HooToo’s USB C Hub HT-UC001 isn’t quite as full-featured or compact as Vava’s hub, but it offers many of equivalent ports for about two-thirds of the worth. Providing three USB-A ports, HDMI output, USB-C power passthrough, and a full-size SD card slot, it’s an honest option if you would like to be ready to use wired accessories and attach to an external display but aren’t concerned about employing a wired network connection.
In our tests, all the ports worked needlessly to say. USB read and write speeds were like those of each other hub we tested. We also recorded a 60 Hz refresh rate at 4K resolution from the Dell XPS 13, and therefore the MacBook Pro reported an influence draw of 55 W (a little above, but almost like, the Vava’s result). A 100-watt version of the hub is additionally available—it’s still cheaper than the Vava, but you would like that much power as long as you’ve got a bigger laptop just like the 15-inch MacBook Pro.
The HooToo hub works well, has all the ports most of the people will need, and feels almost as nice because of the Vava hub. The aluminum and the plastic rectangle is about 0.3 inche longer than the Vava hub, but about an equivalent width and thickness. The HooToo’s cable is additionally a touch thicker than the Vava’s, so this hub is a smaller amount likely to remain where you would like it to. If you’re willing to simply accept these compromises and don’t need the Vava hub’s extra features, the HooToo hub may be a good selection, but we expect the Vava hub’s versatility and size make it well worth the extra cash.
If you only need more USB 3.0 ports for flash drives, keyboards, mice, and other low-power accessories, Aukey’s USB C to 4-Port USB 3.1 Gen 1 Hub (CB-C64) is that the best choice we tested, and therefore the least expensive. It’s an easy plastic adapter with four full-speed USB 3.0 ports. But its lack of passthrough power makes it a poor choice if your computer has just one or two USB-C ports because the MacBook does.
Aukey’s USB C to 4-Port USB 3.1 Gen 1 Hub (CB-C64) is that the most suitable option for adding a couple of USB 3.0 ports to your USB-C computer, and it’s cheap. Equipped with four USB-A ports, the hub will let you connect any combination of a keyboard, mouse, printer, flash drive, or another low-power-draw device such as a webcam, gamepad, or portable hard drive. (Aukey says that “for best performance, the power demand of connected devices shouldn’t exceed the total USB output of 5V 0.9A.”) In our tests, all of the ports transferred data as quickly as anything else we tried. The 3.9-by-1.3-inch black plastic rectangle is a smaller amount than half an in. thick and weighs a touch over an oz . You can throw it in a bag without even noticing it’s there.
If you would like only an Ethernet connection, we just like the Cable Matters USB Type-C to Gigabit Ethernet Adapter. It abandons full Gigabit speed, it comes from a reputable company, and it’s inexpensive. It did get warm once we used it, which is to be expected with USB-C Ethernet adapters, but it reached an equivalent temperature as a costlier model we tested.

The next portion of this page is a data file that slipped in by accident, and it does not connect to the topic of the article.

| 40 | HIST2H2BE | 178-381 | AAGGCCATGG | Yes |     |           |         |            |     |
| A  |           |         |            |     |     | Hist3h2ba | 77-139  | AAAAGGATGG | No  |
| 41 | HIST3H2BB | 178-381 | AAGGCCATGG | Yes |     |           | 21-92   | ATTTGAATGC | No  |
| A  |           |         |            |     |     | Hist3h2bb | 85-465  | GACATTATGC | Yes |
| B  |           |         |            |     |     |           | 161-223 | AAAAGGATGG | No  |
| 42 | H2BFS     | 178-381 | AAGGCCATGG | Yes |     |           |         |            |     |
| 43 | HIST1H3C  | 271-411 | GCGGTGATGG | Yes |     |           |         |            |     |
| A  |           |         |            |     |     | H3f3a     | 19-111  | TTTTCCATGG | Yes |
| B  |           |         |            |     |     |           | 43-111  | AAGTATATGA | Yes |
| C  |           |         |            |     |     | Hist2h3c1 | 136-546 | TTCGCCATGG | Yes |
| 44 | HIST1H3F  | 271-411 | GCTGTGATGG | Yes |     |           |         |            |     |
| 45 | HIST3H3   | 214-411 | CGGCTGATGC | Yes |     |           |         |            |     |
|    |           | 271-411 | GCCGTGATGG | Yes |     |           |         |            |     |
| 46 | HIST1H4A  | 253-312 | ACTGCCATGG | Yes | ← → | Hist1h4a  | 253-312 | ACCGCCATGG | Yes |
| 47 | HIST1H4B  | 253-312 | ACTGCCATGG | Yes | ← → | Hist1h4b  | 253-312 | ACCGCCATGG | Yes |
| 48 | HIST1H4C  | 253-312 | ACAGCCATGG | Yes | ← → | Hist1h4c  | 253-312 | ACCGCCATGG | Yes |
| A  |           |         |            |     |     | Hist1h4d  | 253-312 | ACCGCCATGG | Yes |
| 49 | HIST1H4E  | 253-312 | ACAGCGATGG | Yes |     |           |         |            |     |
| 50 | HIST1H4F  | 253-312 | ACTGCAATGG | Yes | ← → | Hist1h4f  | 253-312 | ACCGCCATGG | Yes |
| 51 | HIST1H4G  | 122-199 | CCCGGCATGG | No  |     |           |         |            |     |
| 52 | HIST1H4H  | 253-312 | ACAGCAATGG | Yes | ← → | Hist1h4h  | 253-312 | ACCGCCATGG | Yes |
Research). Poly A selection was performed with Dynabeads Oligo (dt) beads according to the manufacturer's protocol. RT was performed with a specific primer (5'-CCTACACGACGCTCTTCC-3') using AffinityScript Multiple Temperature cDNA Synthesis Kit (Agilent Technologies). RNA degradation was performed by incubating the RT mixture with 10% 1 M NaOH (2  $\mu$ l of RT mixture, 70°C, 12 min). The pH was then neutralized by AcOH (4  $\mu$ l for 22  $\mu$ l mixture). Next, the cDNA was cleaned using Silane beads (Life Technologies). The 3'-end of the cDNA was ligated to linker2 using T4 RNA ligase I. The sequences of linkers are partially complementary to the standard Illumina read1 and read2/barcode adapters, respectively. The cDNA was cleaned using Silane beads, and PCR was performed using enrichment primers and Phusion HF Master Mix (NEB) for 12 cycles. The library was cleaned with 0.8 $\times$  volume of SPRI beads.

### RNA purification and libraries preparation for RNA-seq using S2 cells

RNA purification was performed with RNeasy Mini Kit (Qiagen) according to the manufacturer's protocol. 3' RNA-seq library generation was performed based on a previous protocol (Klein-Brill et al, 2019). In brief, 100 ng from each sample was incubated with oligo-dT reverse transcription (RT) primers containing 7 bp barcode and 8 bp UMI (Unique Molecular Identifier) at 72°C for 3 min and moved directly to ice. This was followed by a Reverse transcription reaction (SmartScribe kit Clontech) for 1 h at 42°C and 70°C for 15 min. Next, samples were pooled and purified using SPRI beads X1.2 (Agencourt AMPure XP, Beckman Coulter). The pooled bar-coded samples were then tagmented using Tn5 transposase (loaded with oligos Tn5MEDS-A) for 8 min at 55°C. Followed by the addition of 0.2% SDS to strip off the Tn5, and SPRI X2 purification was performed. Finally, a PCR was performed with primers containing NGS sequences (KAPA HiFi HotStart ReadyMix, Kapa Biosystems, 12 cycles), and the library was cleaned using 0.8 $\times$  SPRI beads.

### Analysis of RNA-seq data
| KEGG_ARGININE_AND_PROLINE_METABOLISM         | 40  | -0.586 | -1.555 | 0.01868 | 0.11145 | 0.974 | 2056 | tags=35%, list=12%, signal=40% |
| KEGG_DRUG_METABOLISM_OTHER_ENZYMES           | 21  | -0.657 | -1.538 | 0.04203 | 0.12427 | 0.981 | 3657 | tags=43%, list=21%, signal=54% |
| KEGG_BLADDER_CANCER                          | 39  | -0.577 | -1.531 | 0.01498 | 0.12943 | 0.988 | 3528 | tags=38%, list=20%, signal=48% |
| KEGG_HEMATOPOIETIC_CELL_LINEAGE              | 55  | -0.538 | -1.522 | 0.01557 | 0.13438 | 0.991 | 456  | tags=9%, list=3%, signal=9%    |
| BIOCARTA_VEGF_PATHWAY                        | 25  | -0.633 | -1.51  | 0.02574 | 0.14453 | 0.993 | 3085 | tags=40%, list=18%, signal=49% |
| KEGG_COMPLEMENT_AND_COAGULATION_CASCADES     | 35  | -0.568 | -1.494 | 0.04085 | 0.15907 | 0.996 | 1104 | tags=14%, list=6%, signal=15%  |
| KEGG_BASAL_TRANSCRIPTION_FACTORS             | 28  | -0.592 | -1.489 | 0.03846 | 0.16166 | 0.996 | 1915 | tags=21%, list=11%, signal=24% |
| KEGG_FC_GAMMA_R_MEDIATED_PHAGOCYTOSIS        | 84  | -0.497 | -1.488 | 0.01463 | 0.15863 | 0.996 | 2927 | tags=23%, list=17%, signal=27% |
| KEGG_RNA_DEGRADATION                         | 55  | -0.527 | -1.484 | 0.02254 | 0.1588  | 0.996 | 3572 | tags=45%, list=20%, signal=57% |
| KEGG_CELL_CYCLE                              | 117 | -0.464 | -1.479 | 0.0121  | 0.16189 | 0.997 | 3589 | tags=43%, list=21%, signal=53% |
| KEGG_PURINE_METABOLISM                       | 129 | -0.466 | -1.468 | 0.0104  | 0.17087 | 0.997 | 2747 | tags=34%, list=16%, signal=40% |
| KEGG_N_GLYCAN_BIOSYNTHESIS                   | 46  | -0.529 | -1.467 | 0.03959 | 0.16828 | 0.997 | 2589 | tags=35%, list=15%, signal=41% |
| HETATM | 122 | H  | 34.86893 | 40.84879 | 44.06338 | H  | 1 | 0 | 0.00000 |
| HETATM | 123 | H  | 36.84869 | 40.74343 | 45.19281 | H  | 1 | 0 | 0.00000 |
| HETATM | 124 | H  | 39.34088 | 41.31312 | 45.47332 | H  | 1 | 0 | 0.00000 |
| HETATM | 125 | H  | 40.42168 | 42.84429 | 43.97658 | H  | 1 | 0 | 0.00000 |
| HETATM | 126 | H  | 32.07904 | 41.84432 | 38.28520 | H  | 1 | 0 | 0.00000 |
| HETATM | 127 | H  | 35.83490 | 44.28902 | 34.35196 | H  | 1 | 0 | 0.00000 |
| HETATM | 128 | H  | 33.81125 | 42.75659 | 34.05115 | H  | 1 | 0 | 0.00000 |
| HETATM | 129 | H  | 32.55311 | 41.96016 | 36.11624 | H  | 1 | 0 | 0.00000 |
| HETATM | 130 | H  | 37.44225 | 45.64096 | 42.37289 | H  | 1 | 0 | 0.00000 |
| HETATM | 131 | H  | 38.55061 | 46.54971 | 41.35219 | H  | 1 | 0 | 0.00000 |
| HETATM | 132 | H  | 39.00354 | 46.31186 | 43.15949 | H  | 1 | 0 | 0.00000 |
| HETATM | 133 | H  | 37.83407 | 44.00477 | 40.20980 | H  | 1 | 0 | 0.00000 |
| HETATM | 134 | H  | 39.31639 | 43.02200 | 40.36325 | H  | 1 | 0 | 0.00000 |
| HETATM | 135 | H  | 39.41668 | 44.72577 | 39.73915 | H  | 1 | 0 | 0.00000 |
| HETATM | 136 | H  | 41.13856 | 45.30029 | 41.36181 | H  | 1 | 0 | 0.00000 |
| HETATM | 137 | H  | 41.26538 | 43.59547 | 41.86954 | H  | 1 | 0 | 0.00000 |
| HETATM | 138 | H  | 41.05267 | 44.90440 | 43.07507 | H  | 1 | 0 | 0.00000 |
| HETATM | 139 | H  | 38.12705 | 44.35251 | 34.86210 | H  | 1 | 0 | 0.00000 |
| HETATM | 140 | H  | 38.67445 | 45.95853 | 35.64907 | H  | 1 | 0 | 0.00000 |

We think most of the people are going to be happier with a hub that gives an array of ports, but if you would like only an Ethernet connection, we recommend the Cable Matters USB Type-C to Gigabit Ethernet Adapter. This simple plastic adapter works, needless to say, delivering full Gigabit speed, and it comes from a corporation we all know and trust. As a bonus, it’s inexpensive. USB-C Ethernet adapters are known to get hot; this one reached only about 100 °F after 15 minutes of use, the same as a more expensive metal-bodied model from Anker. That does feel warm to the touch, but not uncomfortably hot, and it’s expected behavior.
Docks are larger and typically equipped with more ports than hubs, and that they can provide power on their own, making them a far better fit if you’re trying to find something to line on your desk permanently. Among the five USB-C docks we tested, Dell’s D6000 Universal Dock is that the best, with four USB-A ports, a USB-C port, HDMI and two DisplayPort video ports, Gigabit Ethernet, and a 3.5 mm audio connector. It worked equally well with a PC and a Mac in our testing. It also delivers 65 watts—the most charging power of any dock we measured—and it’s the smallest amount expensive dock option (though it’s still quite twice as expensive because of the Vava hub).
Most people are best served by a transportable hub because hubs are cheaper and do many of an equivalent task as docks. But if you’re trying to find a stationary option (for example, if you wish to hook your laptop up to a display and accessories at your desk) that doesn’t require a further laptop charger, we propose Dell’s D6000 Universal Dock. (If your PC or Mac supports Thunderbolt 3 and you propose to attach your computer to high-speed external hard drives or multiple high-resolution displays, a Thunderbolt 3 dock may be a more sensible choice than a USB-C dock.)